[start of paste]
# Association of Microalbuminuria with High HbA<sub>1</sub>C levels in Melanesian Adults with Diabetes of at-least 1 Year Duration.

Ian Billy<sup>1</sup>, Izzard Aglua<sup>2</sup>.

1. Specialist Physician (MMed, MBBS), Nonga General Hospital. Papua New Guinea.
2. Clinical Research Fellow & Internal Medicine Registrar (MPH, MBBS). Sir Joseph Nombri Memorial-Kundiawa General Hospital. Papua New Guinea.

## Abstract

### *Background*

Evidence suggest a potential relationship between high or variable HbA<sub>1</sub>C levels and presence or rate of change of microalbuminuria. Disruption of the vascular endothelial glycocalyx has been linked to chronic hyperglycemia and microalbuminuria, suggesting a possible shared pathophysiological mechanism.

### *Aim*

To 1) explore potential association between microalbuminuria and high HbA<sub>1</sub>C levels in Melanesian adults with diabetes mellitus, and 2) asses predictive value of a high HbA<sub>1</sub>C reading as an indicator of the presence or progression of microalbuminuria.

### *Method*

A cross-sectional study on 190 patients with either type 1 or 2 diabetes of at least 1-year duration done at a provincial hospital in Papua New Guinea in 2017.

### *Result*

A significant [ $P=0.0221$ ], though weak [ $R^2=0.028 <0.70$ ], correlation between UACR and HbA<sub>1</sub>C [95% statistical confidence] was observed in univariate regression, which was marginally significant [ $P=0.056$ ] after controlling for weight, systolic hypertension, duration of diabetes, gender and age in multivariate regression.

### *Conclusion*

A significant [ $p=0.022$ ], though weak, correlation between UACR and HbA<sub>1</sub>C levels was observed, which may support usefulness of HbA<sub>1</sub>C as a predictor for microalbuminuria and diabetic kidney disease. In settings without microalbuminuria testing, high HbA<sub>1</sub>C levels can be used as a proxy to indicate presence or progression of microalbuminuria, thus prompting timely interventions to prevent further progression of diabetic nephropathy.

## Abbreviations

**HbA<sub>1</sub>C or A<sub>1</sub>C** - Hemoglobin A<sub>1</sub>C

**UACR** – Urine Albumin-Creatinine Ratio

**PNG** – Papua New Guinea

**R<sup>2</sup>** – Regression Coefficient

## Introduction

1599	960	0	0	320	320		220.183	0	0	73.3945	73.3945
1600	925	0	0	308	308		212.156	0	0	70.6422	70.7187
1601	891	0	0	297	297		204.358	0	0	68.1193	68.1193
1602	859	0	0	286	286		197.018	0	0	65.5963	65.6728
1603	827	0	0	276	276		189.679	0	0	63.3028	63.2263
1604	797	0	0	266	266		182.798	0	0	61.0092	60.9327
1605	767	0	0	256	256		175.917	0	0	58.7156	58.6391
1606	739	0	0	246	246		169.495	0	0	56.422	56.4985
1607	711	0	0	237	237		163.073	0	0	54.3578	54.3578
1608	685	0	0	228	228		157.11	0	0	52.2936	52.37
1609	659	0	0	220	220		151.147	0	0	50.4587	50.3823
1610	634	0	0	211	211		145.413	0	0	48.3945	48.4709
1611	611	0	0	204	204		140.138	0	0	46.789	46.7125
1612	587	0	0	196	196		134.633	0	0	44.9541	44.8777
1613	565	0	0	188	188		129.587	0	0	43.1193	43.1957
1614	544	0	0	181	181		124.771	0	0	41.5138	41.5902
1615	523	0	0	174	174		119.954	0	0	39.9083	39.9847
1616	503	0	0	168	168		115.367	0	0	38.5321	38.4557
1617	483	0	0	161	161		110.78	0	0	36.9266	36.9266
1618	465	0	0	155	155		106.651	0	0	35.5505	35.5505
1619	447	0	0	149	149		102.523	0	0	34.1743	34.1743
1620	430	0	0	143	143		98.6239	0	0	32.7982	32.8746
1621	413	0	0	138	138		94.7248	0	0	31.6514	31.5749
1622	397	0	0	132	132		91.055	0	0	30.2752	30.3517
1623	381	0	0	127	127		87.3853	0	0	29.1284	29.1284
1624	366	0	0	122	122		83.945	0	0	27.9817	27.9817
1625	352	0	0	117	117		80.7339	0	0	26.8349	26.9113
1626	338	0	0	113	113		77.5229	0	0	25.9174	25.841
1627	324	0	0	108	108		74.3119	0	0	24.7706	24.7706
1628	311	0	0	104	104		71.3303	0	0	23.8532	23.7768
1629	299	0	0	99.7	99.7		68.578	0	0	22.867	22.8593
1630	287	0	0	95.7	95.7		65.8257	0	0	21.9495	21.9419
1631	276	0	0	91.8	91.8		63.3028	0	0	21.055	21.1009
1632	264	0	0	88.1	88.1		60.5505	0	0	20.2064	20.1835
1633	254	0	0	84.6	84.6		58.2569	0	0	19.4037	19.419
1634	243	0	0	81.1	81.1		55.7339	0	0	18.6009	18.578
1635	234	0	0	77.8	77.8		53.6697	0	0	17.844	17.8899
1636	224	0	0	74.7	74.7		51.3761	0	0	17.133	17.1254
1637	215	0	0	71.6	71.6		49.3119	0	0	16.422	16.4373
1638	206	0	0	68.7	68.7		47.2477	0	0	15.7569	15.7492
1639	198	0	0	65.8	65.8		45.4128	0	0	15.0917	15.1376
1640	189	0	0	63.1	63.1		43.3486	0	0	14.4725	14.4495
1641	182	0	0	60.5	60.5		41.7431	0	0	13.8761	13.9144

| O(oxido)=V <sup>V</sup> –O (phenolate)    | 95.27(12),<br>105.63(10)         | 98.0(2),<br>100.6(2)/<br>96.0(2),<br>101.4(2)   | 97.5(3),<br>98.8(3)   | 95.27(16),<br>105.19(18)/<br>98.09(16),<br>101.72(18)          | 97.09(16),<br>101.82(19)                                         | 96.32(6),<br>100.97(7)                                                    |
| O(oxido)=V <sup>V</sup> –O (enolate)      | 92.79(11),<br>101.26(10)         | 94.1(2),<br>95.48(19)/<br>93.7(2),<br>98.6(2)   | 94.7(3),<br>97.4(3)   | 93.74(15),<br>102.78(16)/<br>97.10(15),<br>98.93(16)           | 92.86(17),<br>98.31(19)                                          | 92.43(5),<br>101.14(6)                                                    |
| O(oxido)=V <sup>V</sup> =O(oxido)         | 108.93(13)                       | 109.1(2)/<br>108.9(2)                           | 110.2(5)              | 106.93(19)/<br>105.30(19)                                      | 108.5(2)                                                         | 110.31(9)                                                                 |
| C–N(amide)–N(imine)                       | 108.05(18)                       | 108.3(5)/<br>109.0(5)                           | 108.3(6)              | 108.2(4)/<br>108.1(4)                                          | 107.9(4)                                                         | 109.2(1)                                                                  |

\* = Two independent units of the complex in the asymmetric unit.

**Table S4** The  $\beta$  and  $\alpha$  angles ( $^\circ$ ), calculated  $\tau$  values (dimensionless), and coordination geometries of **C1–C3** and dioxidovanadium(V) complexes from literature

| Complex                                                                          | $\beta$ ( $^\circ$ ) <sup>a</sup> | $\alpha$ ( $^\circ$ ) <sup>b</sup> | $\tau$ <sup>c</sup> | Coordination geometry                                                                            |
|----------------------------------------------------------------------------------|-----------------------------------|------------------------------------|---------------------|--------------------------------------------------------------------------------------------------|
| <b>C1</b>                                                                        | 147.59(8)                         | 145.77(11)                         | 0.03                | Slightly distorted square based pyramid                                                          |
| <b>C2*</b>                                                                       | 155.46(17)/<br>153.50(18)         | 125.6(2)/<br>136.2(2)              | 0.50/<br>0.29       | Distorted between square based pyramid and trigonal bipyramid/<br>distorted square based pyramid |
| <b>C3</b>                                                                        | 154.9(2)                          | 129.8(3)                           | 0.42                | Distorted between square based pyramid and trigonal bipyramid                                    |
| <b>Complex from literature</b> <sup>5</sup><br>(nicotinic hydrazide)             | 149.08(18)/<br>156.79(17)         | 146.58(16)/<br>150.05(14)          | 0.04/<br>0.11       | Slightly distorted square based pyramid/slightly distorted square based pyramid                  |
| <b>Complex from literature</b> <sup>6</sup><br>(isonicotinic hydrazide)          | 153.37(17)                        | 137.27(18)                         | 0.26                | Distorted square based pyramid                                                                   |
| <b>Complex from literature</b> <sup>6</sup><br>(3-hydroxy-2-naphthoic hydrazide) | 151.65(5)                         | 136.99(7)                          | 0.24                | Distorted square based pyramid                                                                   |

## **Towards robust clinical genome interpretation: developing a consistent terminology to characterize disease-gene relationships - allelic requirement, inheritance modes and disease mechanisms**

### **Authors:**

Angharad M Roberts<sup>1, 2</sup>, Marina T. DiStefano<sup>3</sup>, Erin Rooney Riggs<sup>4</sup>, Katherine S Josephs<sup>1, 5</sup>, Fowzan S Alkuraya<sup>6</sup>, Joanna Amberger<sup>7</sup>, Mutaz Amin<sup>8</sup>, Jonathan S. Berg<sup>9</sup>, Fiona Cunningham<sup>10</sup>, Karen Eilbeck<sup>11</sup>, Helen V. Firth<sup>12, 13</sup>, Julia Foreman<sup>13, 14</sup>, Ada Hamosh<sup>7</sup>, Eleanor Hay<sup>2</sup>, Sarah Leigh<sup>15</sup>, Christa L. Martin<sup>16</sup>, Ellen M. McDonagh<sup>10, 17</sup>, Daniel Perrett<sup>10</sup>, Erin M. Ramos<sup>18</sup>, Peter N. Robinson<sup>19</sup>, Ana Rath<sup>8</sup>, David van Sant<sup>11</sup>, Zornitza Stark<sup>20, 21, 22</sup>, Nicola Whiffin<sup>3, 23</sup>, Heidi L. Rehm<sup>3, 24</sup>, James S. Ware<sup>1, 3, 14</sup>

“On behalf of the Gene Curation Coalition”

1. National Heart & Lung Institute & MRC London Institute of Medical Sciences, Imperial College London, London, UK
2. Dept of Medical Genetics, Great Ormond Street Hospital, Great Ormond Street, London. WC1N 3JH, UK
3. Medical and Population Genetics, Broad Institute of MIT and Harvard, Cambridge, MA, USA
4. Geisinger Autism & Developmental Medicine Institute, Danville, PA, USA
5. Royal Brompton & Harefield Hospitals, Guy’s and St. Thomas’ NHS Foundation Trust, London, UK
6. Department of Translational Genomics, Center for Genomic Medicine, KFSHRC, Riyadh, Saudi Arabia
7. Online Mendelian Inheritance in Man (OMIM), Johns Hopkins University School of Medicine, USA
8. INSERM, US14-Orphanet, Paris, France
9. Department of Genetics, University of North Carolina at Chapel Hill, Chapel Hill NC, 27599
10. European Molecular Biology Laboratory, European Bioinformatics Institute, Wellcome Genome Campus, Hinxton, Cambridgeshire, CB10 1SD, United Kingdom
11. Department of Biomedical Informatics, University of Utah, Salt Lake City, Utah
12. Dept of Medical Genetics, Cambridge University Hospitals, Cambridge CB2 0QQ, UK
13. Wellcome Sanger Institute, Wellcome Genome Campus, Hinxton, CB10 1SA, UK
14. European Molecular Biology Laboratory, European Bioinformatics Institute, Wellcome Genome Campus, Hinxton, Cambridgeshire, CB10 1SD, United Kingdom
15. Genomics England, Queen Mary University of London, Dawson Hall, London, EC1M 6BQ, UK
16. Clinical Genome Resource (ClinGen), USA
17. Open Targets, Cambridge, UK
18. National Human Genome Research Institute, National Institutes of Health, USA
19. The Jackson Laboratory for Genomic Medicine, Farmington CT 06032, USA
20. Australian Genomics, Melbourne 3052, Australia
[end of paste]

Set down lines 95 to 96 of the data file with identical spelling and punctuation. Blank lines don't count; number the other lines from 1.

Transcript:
13. Wellcome Sanger Institute, Wellcome Genome Campus, Hinxton, CB10 1SA, UK
14. European Molecular Biology Laboratory, European Bioinformatics Institute, Wellcome Genome Campus, Hinxton, Cambridgeshire, CB10 1SD, United Kingdom